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I'm currently following an introductory course in geometry and it was mentioned that the real projective line is homeomorphic to a circle. Could someone please state the topologies on both the real projective line and the circle and a corresponding homeomorphism?

Thanks a lot!

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The circle is given the subspace topology from the plane, and the projective line is given the quotient topology. – Olivier Bégassat Feb 22 '13 at 13:40

The real projective line is the set of lines through the origin in $\mathbb R^2$. It can be seen as the quotient of $\mathbb R^2 \setminus \{0\}$ by the relation $x \sim y$ iff $x=\lambda y$ for some nonzero $\lambda \in \mathbb R$. The topology here is the quotient topology for the map $\mathbb R^2 \setminus \{0\} \to \mathbb R P^1$ sending a point to its equivalence class.

Restricting this map to $S^1$ we get a continuous open mapping from $S^1 \to R P^1$ that identifies two antipodal points. We see then that $\mathbb RP^1$ is homeomorphic to $S^1$ modulo the equivalence $x \sim -x$ (again with the quotient topology).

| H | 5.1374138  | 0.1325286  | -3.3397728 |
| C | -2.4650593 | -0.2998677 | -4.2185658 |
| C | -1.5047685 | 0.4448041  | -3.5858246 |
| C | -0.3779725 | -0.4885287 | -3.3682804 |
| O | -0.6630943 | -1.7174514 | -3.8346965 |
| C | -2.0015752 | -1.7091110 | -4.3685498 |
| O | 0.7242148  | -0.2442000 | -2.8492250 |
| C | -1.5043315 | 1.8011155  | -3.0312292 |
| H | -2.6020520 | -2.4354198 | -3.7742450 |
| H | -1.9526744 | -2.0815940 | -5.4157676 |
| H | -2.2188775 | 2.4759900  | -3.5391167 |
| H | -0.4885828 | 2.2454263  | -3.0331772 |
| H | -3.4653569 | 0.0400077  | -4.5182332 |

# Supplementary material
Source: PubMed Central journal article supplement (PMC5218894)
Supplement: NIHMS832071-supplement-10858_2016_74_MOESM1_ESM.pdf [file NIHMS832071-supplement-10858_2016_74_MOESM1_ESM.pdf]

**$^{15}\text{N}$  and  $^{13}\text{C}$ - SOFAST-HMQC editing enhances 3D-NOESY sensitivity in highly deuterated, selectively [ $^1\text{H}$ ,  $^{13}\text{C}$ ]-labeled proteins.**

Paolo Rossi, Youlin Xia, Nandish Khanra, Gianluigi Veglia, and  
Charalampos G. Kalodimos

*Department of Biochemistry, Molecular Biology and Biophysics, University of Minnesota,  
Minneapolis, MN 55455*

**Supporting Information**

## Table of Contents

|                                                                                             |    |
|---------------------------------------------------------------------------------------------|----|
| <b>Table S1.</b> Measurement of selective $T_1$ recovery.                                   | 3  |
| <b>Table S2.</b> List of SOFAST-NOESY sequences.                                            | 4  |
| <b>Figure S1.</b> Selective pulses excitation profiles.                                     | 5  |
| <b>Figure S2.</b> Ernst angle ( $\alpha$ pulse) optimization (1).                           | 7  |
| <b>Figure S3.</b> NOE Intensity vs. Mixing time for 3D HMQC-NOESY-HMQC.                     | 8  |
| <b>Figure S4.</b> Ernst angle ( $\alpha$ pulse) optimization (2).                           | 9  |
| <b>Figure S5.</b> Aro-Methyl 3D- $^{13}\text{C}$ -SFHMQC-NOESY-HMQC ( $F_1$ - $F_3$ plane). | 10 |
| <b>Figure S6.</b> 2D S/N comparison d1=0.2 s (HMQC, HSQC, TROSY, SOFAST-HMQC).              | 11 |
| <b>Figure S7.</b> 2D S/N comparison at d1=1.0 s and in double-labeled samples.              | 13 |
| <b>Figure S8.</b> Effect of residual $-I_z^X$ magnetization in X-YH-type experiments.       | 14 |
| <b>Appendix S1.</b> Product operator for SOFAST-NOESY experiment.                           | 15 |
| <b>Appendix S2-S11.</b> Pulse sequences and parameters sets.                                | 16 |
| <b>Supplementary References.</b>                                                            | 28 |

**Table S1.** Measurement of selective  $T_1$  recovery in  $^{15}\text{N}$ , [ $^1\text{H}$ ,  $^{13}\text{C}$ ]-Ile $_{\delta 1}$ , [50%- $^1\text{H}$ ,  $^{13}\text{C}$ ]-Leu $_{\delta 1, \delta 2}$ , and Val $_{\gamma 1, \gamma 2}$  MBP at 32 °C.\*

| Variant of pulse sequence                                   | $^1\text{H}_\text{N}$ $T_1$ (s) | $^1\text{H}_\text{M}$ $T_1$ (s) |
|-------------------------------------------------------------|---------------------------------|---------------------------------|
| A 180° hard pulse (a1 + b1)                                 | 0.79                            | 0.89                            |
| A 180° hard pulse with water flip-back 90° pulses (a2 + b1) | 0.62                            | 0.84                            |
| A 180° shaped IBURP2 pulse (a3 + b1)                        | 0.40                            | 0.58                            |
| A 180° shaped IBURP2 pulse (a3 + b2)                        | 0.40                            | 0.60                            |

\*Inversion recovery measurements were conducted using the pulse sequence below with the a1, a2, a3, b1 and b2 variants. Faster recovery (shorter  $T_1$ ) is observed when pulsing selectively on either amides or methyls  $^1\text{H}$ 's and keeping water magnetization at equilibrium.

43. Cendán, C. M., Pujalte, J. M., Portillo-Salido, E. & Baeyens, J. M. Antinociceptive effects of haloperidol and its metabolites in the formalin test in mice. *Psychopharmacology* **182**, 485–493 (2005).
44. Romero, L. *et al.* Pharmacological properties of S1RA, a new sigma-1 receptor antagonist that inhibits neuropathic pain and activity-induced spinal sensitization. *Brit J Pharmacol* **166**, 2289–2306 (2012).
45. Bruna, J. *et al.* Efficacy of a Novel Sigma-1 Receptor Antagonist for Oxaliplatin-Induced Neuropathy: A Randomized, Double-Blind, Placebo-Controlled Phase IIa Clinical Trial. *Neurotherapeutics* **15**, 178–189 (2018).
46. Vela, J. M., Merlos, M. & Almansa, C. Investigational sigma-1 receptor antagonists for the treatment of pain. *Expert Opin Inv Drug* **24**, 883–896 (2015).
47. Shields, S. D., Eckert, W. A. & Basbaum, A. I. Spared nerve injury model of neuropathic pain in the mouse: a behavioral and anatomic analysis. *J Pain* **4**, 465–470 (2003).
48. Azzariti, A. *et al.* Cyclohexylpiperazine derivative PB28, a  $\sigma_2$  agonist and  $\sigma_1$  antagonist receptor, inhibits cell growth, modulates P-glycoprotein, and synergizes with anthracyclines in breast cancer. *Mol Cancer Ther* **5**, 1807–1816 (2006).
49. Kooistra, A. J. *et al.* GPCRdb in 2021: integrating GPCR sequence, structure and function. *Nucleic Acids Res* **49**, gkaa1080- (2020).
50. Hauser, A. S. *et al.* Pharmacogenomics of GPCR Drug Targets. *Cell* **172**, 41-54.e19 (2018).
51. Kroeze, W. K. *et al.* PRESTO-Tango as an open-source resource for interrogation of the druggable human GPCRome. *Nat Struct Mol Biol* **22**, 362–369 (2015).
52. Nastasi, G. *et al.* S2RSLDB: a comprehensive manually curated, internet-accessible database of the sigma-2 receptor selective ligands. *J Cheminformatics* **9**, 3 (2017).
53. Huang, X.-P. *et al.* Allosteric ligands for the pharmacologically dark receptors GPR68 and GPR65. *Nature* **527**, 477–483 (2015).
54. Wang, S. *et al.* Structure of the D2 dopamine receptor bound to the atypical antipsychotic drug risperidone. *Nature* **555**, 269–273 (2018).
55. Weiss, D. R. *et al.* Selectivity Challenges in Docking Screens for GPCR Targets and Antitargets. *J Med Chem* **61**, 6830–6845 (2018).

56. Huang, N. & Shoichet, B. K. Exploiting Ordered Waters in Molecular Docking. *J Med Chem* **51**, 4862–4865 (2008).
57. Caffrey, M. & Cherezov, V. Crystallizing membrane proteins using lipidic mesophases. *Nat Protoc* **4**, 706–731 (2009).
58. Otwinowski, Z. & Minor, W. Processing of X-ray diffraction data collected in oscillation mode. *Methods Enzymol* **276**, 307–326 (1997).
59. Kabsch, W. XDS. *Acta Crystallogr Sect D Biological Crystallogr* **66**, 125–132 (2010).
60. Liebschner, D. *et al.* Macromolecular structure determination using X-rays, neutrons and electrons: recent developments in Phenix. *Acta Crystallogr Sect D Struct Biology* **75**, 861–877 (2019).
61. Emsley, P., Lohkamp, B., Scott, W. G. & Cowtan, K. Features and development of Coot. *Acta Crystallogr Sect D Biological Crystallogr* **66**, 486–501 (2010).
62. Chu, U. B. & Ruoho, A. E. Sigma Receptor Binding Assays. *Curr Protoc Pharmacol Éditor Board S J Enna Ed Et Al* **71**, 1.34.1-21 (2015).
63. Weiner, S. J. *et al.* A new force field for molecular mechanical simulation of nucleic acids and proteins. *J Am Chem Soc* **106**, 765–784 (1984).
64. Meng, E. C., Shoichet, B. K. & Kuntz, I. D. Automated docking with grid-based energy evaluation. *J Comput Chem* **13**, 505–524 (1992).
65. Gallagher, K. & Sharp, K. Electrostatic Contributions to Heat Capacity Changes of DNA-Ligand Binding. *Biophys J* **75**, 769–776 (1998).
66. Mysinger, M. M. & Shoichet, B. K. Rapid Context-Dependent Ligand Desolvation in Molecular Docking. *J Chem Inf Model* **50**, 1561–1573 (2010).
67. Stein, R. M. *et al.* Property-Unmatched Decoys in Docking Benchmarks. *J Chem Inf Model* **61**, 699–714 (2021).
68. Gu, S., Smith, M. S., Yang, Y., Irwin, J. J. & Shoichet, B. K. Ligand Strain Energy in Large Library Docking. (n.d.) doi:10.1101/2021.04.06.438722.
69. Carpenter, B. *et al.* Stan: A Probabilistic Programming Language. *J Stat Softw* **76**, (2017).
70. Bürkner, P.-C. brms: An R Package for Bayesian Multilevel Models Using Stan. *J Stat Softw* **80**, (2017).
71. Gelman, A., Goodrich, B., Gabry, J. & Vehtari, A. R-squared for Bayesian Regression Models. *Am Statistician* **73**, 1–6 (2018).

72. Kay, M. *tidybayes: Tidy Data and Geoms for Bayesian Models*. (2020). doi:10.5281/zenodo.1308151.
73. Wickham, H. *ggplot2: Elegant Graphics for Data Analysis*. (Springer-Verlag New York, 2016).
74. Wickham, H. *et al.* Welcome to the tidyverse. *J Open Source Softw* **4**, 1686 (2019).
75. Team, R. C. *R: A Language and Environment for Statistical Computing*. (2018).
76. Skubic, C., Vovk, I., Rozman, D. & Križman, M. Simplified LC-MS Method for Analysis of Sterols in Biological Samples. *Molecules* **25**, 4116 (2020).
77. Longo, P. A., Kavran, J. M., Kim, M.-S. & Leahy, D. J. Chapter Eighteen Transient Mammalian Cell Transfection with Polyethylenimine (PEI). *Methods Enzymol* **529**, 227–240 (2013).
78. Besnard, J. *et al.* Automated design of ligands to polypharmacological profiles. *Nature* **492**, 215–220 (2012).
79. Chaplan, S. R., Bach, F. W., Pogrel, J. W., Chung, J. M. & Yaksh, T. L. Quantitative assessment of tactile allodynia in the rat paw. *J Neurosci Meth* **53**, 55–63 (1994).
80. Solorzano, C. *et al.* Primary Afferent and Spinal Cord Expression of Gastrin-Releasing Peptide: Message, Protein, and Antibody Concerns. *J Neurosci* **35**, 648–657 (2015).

What remains to be shown is that $S^1 / x \sim -x$ is homeomorphic to $S^1$, which is not difficult.

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Indeed $S^1/\sim$ is homeomorphic to a semicircle with endpoints identified. – Grumpy Parsnip Feb 22 '13 at 14:34
I know you said showing $S^1 / x \sim -x$ is homeomorphic to $S^1$ is not difficult, but could you perhaps elaborate on that? I've been dealing with a similar problem, and have been trying to show just that with no luck. – Ryker Mar 26 '13 at 2:46
Let be $\mathbb{S}^1=\{z\in\mathbb{C}\mid ||z||=1\}$ and consider the map $f:\mathbb{S}^1\to \mathbb{S}^1$ defined as $f(z)=z^2$. You can check easily that $f$ is a continuous surjective function and such that $f(z)=f(-z)$, proving that $f$ passes to quotient under equivalence relation $\sim$ identifying antipodal points on $\mathbb{S}^1$. By universal propriety of quotient topology, there exists an unique homeomorphism $\varphi : \mathbb{S}^1/\sim \to\mathbb{S}^1$. – Alessandro Bigazzi Jul 11 '13 at 12:41
@AlessandroBigazzi I think your comment should be the answer, as it seems the most simple, yet most concise. – polynomial_donut May 27 at 9:10

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